This past September the Board of Trustees approved seven learning goals that had been formulated by the Rockhurst Community the previous year. One of these goals concerns globalization. Here’s an excerpt of what was approved by the Board:
“Through our mission of learning, leadership, and service in the Jesuit tradition, Rockhurst University cultivates a learning and living environment that encourages cura personalis, care and development of the whole person, through reflection and discernment. Within that environment, Rockhurst creates an integrative experience for students to develop skills, competencies, and values in these seven areas:”
It then lists the seven, the third of which is:
“International and Cultural Understanding: The appreciation of cultural differences and commonalities, and the ability to interact with sensitivity and alertness as citizens of the world.”
Thus yesterday afternoon the Faculty Senate unanimously approved the motion: “To endorse the addition of a Global Proficiency to the core curriculum.” I serve on the Core Implementation Committee and we’ll meet tomorrow to address the proposal (and most probably approve it since it arises out of a long process of faculty input). The Faculty as a whole will then need to vote on the issue at the general University Faculty Assembly.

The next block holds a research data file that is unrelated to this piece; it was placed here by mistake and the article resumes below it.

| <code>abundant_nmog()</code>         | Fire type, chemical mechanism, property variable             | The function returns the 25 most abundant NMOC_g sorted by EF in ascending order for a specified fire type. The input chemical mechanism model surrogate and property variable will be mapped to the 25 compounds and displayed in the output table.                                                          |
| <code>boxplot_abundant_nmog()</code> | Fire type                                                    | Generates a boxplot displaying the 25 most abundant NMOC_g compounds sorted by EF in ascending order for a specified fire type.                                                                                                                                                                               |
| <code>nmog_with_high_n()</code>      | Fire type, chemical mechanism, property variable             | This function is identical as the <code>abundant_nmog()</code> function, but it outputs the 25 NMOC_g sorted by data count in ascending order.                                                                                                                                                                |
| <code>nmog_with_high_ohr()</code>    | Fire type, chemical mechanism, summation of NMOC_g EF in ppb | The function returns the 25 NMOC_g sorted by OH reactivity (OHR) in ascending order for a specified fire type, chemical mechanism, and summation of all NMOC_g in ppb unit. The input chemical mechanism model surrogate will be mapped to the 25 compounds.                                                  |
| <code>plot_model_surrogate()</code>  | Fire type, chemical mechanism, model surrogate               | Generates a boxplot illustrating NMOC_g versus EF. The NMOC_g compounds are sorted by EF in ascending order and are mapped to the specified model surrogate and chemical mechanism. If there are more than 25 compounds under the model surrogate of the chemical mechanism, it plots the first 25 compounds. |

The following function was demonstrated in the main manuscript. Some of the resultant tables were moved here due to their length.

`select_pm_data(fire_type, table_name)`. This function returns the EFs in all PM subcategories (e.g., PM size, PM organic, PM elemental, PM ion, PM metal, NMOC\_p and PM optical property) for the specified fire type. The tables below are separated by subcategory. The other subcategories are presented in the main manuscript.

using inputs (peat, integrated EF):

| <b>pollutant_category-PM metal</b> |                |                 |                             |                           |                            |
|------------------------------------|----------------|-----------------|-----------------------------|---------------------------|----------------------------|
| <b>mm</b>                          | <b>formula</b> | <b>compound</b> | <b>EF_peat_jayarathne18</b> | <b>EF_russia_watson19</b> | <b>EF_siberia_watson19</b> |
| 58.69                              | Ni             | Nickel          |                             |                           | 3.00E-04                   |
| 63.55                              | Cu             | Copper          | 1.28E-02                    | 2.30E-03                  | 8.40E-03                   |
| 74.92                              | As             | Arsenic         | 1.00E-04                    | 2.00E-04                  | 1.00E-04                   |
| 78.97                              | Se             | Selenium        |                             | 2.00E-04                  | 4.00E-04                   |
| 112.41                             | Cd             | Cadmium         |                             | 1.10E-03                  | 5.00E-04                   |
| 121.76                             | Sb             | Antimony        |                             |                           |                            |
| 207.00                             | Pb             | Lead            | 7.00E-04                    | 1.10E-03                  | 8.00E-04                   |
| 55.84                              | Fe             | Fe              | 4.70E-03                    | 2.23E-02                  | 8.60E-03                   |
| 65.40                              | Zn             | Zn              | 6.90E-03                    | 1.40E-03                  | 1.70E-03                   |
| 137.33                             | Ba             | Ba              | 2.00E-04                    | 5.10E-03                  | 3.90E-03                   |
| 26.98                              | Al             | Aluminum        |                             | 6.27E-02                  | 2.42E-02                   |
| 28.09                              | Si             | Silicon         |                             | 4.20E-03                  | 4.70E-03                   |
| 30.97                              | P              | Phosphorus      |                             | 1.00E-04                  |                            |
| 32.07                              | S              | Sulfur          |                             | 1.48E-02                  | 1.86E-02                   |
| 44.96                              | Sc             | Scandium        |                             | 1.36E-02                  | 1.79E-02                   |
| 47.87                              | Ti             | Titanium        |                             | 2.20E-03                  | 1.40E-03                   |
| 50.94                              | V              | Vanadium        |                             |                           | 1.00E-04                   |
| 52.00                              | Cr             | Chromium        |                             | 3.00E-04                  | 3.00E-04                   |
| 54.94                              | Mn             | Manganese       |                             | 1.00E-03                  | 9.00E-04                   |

While this might appear as boring stuff, I thought I’d let you see how things work here at Rockhurst. The faculty get involved! Due to our Jesuit mission we believe that we must address the contemporary world and prepare students to live and excel in the global environment with a set of values. To quote from John Donne, an English 17th century poet, “No man is an island.” This is far truer in the 21st century of the World Wide Web and instant media coverage etc. We no longer are merely citizens of our own country, but we are global citizens with a responsibility involving compassion and justice on several fronts: economic, political, moral etc. As a Catholic university we’re also grounded in the teachings of Jesus regarding one’s neighbor. Global awareness also engages us in ecological responsibility and sets the foundation for space exploration and settlement. There needs to be respect for and celebration of the richness of diversity in life (which by its very nature means maintaining differences in a healthy and life-giving manner.)
So the bottom line is Rockhurst is taking steps to equip its students with a vision and ability to live and excel in the global world, not only of the present, but of the future as well. I'm a member of the College of Arts & Sciences and here's our Mission Statement: "Grounded in the Jesuit and Catholic traditions of liberal arts education, the College of Arts and Sciences engages learners in building a foundation of values, integrated knowledge, critical analysis, and personal reflection that prepares graduates to become compassionate, just, and globally aware leaders in a diverse and changing world." This is what we're about at Rockhurst!